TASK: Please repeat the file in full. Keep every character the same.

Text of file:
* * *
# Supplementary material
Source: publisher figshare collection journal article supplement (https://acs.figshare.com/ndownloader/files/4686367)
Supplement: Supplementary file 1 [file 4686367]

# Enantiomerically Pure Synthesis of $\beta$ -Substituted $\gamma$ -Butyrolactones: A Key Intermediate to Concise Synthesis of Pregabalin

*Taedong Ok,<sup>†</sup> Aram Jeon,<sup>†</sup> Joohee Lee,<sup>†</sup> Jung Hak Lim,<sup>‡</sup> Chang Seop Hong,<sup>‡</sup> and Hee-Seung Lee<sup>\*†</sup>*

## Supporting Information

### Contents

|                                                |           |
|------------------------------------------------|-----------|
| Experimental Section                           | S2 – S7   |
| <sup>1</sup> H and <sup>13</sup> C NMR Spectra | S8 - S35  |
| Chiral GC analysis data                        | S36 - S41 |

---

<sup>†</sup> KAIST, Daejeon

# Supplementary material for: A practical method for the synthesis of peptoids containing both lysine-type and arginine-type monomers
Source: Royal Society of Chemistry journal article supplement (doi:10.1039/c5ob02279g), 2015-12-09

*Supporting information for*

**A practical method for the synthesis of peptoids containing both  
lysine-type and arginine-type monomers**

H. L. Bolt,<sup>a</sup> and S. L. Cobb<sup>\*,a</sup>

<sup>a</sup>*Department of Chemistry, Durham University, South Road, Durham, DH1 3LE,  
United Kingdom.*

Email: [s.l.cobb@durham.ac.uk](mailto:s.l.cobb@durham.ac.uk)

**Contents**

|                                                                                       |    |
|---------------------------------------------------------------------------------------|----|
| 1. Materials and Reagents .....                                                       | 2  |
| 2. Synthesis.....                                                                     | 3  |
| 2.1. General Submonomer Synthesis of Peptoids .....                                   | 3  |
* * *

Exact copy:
# Supplementary material
Source: publisher figshare collection journal article supplement (https://acs.figshare.com/ndownloader/files/4686367)
Supplement: Supplementary file 1 [file 4686367]

# Enantiomerically Pure Synthesis of $\beta$ -Substituted $\gamma$ -Butyrolactones: A Key Intermediate to Concise Synthesis of Pregabalin

*Taedong Ok,<sup>†</sup> Aram Jeon,<sup>†</sup> Joohee Lee,<sup>†</sup> Jung Hak Lim,<sup>‡</sup> Chang Seop Hong,<sup>‡</sup> and Hee-Seung Lee<sup>\*†</sup>*

## Supporting Information

### Contents

|                                                |           |
|------------------------------------------------|-----------|
| Experimental Section                           | S2 – S7   |
| <sup>1</sup> H and <sup>13</sup> C NMR Spectra | S8 - S35  |
| Chiral GC analysis data                        | S36 - S41 |

---

<sup>†</sup> KAIST, Daejeon

# Supplementary material for: A practical method for the synthesis of peptoids containing both lysine-type and arginine-type monomers
Source: Royal Society of Chemistry journal article supplement (doi:10.1039/c5ob02279g), 2015-12-09

*Supporting information for*

**A practical method for the synthesis of peptoids containing both  
lysine-type and arginine-type monomers**

H. L. Bolt,<sup>a</sup> and S. L. Cobb<sup>\*,a</sup>

<sup>a</sup>*Department of Chemistry, Durham University, South Road, Durham, DH1 3LE,  
United Kingdom.*

Email: [s.l.cobb@durham.ac.uk](mailto:s.l.cobb@durham.ac.uk)

**Contents**

|                                                                                       |    |
|---------------------------------------------------------------------------------------|----|
| 1. Materials and Reagents .....                                                       | 2  |
| 2. Synthesis.....                                                                     | 3  |
| 2.1. General Submonomer Synthesis of Peptoids .....                                   | 3  |